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Exploiting partial correlations in distributionally robust optimization

  • Divya PadmanabhanEmail author
  • Karthik Natarajan
  • Karthyek Murthy
Full Length Paper Series A

Abstract

In this paper, we identify partial correlation information structures that allow for simpler reformulations in evaluating the maximum expected value of mixed integer linear programs with random objective coefficients. To this end, assuming only the knowledge of the mean and the covariance matrix entries restricted to block-diagonal patterns, we develop a reduced semidefinite programming formulation, the complexity of solving which is related to characterizing a suitable projection of the convex hull of the set \(\{(\mathbf x , \mathbf x {} \mathbf x '): \mathbf x \in \mathcal {X}\}\) where \(\mathcal {X}\) is the feasible region. In some cases, this lends itself to efficient representations that result in polynomial-time solvable instances, most notably for the distributionally robust appointment scheduling problem with random job durations as well as for computing tight bounds in the newsvendor problem, project evaluation and review technique networks and linear assignment problems. To the best of our knowledge, this is the first example of a distributionally robust optimization formulation for appointment scheduling that permits a tight polynomial-time solvable semidefinite programming reformulation which explicitly captures partially known correlation information between uncertain processing times of the jobs to be scheduled. We also discuss extensions where the random coefficients are assumed to be non-negative and additional overlapping correlation information is available.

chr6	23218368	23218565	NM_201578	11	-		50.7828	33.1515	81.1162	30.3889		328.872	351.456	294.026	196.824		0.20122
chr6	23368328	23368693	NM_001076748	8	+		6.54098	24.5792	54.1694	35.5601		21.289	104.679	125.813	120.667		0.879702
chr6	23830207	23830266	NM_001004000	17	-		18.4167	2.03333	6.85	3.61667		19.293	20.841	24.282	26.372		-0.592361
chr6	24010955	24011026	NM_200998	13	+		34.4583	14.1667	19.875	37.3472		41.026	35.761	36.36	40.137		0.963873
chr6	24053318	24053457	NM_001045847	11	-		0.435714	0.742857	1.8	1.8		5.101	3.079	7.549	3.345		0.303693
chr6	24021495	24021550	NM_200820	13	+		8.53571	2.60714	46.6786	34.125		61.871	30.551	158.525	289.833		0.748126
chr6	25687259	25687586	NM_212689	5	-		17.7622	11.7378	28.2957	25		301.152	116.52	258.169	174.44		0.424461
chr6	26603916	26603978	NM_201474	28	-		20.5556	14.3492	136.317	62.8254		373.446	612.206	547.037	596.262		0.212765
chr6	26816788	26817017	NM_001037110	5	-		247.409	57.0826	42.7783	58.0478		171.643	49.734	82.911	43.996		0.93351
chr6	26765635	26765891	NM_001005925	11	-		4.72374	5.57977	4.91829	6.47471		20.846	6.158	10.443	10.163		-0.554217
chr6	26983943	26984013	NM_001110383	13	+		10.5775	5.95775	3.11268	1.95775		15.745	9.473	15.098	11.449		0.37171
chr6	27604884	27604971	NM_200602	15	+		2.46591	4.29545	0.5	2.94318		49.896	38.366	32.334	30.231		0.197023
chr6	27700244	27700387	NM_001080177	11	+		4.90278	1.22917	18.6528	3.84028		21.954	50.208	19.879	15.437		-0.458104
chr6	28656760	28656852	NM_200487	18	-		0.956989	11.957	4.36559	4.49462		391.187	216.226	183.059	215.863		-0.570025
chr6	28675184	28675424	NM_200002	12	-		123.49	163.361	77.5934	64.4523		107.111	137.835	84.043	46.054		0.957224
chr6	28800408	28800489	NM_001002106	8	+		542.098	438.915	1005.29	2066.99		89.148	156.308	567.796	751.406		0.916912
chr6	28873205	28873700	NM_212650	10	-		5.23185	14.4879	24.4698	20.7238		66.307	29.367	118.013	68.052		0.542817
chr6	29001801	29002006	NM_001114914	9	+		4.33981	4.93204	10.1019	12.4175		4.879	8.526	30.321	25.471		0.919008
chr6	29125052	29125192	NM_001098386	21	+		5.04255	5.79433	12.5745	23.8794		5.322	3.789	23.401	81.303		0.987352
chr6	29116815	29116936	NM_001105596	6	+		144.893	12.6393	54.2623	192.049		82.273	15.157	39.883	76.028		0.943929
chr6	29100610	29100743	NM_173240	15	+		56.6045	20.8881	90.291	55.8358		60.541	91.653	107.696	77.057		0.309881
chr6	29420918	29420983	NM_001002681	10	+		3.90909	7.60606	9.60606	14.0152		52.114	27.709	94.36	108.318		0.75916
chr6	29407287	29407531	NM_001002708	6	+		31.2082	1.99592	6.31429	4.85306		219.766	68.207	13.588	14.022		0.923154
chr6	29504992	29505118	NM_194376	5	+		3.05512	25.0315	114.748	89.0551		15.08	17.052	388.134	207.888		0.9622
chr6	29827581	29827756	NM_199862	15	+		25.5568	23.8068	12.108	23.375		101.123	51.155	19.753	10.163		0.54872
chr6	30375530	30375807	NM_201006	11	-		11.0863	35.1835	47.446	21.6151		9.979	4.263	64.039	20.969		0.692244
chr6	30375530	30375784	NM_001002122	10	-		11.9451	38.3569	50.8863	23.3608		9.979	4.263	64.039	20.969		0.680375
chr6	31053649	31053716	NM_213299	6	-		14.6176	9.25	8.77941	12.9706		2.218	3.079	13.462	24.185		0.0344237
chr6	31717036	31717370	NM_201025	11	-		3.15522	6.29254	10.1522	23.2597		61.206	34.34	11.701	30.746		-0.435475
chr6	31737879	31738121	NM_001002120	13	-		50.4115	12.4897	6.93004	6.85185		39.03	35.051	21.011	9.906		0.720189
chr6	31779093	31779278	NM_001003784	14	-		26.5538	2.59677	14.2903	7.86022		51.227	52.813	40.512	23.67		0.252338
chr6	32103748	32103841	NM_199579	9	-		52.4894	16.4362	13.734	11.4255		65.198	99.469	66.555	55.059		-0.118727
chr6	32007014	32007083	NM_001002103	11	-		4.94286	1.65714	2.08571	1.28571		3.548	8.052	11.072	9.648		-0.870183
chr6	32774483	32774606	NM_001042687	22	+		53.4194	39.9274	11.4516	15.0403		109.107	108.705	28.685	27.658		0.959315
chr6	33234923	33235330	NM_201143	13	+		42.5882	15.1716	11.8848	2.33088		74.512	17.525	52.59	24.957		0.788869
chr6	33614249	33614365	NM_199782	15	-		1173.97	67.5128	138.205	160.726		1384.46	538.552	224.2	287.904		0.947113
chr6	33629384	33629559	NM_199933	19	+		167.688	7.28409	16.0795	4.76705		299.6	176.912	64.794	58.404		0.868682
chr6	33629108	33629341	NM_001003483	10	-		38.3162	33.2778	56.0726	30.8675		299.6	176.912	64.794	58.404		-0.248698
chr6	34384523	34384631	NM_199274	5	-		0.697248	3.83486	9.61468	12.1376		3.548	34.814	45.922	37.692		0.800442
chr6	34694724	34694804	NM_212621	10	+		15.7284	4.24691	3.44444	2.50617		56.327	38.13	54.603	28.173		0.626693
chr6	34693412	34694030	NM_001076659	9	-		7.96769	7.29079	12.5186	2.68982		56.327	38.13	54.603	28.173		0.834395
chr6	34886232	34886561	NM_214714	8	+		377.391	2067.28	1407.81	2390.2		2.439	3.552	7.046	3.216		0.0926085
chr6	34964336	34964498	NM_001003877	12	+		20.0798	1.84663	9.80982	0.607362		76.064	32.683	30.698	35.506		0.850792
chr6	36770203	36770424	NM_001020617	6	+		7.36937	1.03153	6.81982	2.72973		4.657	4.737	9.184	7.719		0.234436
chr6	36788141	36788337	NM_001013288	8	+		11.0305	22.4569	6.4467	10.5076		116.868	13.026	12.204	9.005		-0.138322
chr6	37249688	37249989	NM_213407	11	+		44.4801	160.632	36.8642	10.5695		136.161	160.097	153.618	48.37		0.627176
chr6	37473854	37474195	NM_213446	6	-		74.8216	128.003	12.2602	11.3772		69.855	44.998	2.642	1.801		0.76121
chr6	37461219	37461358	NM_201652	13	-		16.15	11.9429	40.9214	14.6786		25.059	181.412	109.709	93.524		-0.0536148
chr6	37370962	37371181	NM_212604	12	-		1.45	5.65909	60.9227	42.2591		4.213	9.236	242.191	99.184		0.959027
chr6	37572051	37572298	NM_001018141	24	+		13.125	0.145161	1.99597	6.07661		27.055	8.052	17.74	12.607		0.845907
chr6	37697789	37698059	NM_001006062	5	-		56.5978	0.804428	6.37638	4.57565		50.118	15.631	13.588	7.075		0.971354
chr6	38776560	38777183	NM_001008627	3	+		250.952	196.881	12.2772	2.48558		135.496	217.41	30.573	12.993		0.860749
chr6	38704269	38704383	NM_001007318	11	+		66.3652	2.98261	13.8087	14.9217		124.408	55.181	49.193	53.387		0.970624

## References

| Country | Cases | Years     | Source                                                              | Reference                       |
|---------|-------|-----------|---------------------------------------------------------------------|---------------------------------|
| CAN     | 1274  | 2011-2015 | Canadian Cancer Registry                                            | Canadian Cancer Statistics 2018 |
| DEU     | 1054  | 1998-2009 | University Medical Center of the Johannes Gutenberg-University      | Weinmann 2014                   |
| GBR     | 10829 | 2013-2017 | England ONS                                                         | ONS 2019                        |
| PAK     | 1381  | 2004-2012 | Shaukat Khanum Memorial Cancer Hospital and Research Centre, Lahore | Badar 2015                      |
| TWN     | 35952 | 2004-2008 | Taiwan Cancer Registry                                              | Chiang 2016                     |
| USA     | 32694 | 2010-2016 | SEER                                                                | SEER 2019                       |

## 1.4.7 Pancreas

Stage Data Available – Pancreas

Mathematics Subject Classification

90-02 (operations research and mathematical programming. research exposition) 

Notes

Acknowledgements

The research of the first and the second author was partially supported by the MOE Academic Research Fund Tier 2 Grant T2MOE1706, “On the Interplay of Choice, Robustness and Optimization in Transportation” and the SUTD-MIT International Design Center Grant IDG21700101 on “Design of the Last Mile Transportation System: What Does the Customer Really Want?”. The authors would like to thank Teo Chung-Piaw (NUS) for providing some useful references on this research. We would also like to thank the editor Alper Atamturk, the two anonymous reviewers and the associate editor for the detailed perusal of the paper and providing useful suggestions towards improving the paper.

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Copyright information

© Springer-Verlag GmbH Germany, part of Springer Nature and Mathematical Optimization Society 2019

Authors and Affiliations

  1. 1.Singapore University of Technology and DesignSingaporeSingapore

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